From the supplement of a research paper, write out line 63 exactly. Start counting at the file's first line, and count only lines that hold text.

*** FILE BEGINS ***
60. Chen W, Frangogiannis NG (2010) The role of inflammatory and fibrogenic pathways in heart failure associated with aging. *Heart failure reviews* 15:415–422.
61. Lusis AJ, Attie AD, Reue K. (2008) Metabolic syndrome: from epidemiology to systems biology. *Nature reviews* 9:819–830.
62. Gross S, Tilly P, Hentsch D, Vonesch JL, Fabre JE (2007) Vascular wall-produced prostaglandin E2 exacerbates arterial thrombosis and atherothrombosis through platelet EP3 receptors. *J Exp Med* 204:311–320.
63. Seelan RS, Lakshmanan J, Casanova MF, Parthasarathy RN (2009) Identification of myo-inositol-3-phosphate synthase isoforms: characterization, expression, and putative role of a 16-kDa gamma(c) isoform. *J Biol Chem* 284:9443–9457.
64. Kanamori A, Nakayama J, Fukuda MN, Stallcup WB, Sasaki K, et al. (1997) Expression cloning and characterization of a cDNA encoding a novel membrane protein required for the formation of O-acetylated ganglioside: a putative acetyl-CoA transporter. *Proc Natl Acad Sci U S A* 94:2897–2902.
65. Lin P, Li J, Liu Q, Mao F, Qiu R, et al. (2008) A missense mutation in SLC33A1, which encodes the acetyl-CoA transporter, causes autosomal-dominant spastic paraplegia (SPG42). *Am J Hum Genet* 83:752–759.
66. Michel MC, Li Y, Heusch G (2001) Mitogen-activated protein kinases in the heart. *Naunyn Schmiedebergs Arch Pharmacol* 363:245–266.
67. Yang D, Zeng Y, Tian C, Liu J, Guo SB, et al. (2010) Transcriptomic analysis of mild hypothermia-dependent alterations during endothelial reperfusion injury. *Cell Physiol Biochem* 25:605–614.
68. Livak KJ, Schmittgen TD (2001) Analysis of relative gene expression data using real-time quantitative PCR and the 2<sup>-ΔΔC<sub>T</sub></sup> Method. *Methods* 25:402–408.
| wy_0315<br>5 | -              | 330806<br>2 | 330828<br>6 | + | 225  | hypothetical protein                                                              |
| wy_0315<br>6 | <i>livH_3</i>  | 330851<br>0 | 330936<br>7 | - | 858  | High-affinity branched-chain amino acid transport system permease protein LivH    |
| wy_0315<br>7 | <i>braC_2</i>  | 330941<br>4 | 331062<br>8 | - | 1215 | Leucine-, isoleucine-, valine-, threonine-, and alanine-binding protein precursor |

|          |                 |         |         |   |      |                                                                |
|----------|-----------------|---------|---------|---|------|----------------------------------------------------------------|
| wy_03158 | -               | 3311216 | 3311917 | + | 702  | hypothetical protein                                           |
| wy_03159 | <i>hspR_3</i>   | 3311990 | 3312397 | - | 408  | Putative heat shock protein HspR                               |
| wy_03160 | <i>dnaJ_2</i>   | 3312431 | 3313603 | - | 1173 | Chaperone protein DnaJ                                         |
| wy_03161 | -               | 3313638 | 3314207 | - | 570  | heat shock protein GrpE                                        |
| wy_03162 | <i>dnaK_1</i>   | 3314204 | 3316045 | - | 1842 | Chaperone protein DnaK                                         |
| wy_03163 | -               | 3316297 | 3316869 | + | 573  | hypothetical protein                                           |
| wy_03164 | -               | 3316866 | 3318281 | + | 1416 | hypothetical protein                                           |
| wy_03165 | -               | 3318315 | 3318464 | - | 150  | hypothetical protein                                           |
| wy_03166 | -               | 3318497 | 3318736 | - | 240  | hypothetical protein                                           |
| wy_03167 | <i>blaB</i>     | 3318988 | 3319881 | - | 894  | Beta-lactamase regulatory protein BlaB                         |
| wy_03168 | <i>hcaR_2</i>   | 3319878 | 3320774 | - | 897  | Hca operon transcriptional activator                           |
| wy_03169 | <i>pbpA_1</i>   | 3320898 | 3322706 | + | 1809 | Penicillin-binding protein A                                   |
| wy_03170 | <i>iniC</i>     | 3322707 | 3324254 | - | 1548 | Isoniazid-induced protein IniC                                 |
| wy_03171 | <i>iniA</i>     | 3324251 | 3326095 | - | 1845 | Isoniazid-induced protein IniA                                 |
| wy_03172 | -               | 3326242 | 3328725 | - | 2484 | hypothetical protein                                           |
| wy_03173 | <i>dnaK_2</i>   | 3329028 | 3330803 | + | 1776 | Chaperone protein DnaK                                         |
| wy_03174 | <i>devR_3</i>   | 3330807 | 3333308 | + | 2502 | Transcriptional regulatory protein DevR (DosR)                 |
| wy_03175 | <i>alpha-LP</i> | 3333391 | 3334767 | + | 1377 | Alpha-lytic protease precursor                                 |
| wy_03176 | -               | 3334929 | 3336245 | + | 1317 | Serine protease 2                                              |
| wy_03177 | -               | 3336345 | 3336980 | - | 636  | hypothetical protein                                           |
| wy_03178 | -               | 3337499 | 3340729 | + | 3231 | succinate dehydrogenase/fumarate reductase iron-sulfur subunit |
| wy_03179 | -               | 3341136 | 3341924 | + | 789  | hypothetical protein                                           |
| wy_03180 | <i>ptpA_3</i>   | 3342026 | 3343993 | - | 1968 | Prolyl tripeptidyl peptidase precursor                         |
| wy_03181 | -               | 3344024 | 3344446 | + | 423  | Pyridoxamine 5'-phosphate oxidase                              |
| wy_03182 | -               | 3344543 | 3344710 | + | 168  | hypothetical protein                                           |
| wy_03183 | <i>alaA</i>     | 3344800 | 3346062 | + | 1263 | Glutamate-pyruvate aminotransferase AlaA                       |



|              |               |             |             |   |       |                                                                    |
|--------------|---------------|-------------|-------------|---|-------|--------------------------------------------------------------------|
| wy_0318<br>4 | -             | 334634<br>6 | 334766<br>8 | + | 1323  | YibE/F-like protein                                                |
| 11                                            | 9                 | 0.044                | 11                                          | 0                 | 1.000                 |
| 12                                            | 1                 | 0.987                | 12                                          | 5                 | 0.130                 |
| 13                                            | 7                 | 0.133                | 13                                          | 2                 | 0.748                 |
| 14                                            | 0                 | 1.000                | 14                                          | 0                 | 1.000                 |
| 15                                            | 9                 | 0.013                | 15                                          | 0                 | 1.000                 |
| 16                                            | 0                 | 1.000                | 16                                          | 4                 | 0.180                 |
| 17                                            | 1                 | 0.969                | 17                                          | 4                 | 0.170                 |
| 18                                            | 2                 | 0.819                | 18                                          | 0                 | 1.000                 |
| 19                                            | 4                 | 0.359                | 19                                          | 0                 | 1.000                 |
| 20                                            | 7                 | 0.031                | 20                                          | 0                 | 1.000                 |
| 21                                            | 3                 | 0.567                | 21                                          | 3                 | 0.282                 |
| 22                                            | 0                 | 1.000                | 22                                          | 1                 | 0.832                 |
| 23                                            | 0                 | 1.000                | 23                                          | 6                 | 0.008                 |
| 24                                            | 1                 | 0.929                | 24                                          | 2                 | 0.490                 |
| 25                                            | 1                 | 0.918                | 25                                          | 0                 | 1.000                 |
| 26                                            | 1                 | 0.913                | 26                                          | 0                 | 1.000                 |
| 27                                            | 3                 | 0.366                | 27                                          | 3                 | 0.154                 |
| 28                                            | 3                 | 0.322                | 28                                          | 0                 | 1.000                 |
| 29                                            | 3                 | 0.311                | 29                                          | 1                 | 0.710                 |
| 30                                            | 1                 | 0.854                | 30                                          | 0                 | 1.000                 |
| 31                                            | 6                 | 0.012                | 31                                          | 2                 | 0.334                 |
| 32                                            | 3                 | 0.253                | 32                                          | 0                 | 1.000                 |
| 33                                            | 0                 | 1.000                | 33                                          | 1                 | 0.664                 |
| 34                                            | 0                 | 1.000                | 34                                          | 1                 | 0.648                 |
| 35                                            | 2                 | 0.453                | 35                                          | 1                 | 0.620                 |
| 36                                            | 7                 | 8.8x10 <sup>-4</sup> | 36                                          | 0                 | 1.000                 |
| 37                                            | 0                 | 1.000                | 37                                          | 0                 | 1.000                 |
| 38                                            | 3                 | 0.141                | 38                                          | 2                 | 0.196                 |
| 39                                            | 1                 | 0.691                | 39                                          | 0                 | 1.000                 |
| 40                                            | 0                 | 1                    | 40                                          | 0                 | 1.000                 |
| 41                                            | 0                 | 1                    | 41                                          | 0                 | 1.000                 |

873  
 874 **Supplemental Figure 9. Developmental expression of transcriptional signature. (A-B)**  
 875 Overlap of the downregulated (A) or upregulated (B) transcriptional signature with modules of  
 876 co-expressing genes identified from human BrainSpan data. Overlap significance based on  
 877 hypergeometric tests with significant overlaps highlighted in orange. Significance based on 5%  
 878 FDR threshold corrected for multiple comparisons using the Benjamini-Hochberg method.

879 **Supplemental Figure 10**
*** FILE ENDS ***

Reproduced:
| 30                                            | 1                 | 0.854                | 30                                          | 0                 | 1.000                 |